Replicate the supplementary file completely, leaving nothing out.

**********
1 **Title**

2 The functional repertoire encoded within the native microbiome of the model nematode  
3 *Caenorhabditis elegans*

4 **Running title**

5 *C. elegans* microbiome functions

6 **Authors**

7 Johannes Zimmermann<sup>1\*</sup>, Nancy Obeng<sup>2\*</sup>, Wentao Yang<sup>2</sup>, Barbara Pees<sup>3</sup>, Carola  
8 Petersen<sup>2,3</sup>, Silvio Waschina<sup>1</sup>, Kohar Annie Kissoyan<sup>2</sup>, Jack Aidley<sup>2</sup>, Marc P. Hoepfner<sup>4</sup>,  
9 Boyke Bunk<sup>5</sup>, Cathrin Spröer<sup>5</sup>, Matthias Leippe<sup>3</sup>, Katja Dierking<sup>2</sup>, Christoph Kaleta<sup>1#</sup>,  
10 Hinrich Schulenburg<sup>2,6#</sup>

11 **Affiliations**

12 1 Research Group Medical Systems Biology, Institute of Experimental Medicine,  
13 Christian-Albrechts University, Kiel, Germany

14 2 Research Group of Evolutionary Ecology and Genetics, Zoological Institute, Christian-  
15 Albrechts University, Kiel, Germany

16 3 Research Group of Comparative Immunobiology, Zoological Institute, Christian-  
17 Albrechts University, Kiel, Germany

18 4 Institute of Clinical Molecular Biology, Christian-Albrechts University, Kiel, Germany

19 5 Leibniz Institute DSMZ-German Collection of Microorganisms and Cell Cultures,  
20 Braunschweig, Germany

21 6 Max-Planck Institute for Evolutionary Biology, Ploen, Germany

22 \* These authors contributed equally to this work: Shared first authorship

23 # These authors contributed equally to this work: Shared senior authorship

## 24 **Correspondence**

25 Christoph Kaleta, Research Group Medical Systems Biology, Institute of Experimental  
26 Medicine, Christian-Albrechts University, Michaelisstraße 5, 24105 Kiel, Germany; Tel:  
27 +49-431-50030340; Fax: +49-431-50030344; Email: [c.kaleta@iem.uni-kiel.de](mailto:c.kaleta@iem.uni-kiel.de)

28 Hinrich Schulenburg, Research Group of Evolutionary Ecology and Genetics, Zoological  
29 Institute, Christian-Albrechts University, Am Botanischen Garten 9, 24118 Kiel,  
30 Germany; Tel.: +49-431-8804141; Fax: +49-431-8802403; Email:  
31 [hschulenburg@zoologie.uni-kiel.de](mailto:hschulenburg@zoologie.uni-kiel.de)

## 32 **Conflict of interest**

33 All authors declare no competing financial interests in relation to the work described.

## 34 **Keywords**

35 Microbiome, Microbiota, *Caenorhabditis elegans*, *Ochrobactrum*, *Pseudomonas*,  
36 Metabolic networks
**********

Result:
1 **Title**

2 The functional repertoire encoded within the native microbiome of the model nematode  
3 *Caenorhabditis elegans*

4 **Running title**

5 *C. elegans* microbiome functions

6 **Authors**

7 Johannes Zimmermann<sup>1\*</sup>, Nancy Obeng<sup>2\*</sup>, Wentao Yang<sup>2</sup>, Barbara Pees<sup>3</sup>, Carola  
8 Petersen<sup>2,3</sup>, Silvio Waschina<sup>1</sup>, Kohar Annie Kissoyan<sup>2</sup>, Jack Aidley<sup>2</sup>, Marc P. Hoepfner<sup>4</sup>,  
9 Boyke Bunk<sup>5</sup>, Cathrin Spröer<sup>5</sup>, Matthias Leippe<sup>3</sup>, Katja Dierking<sup>2</sup>, Christoph Kaleta<sup>1#</sup>,  
10 Hinrich Schulenburg<sup>2,6#</sup>

11 **Affiliations**

12 1 Research Group Medical Systems Biology, Institute of Experimental Medicine,  
13 Christian-Albrechts University, Kiel, Germany

14 2 Research Group of Evolutionary Ecology and Genetics, Zoological Institute, Christian-  
15 Albrechts University, Kiel, Germany

16 3 Research Group of Comparative Immunobiology, Zoological Institute, Christian-  
17 Albrechts University, Kiel, Germany

18 4 Institute of Clinical Molecular Biology, Christian-Albrechts University, Kiel, Germany

19 5 Leibniz Institute DSMZ-German Collection of Microorganisms and Cell Cultures,  
20 Braunschweig, Germany

21 6 Max-Planck Institute for Evolutionary Biology, Ploen, Germany

22 \* These authors contributed equally to this work: Shared first authorship

23 # These authors contributed equally to this work: Shared senior authorship

## 24 **Correspondence**

25 Christoph Kaleta, Research Group Medical Systems Biology, Institute of Experimental  
26 Medicine, Christian-Albrechts University, Michaelisstraße 5, 24105 Kiel, Germany; Tel:  
27 +49-431-50030340; Fax: +49-431-50030344; Email: [c.kaleta@iem.uni-kiel.de](mailto:c.kaleta@iem.uni-kiel.de)

28 Hinrich Schulenburg, Research Group of Evolutionary Ecology and Genetics, Zoological  
29 Institute, Christian-Albrechts University, Am Botanischen Garten 9, 24118 Kiel,  
30 Germany; Tel.: +49-431-8804141; Fax: +49-431-8802403; Email:  
31 [hschulenburg@zoologie.uni-kiel.de](mailto:hschulenburg@zoologie.uni-kiel.de)

## 32 **Conflict of interest**

33 All authors declare no competing financial interests in relation to the work described.

## 34 **Keywords**

35 Microbiome, Microbiota, *Caenorhabditis elegans*, *Ochrobactrum*, *Pseudomonas*,  
36 Metabolic networks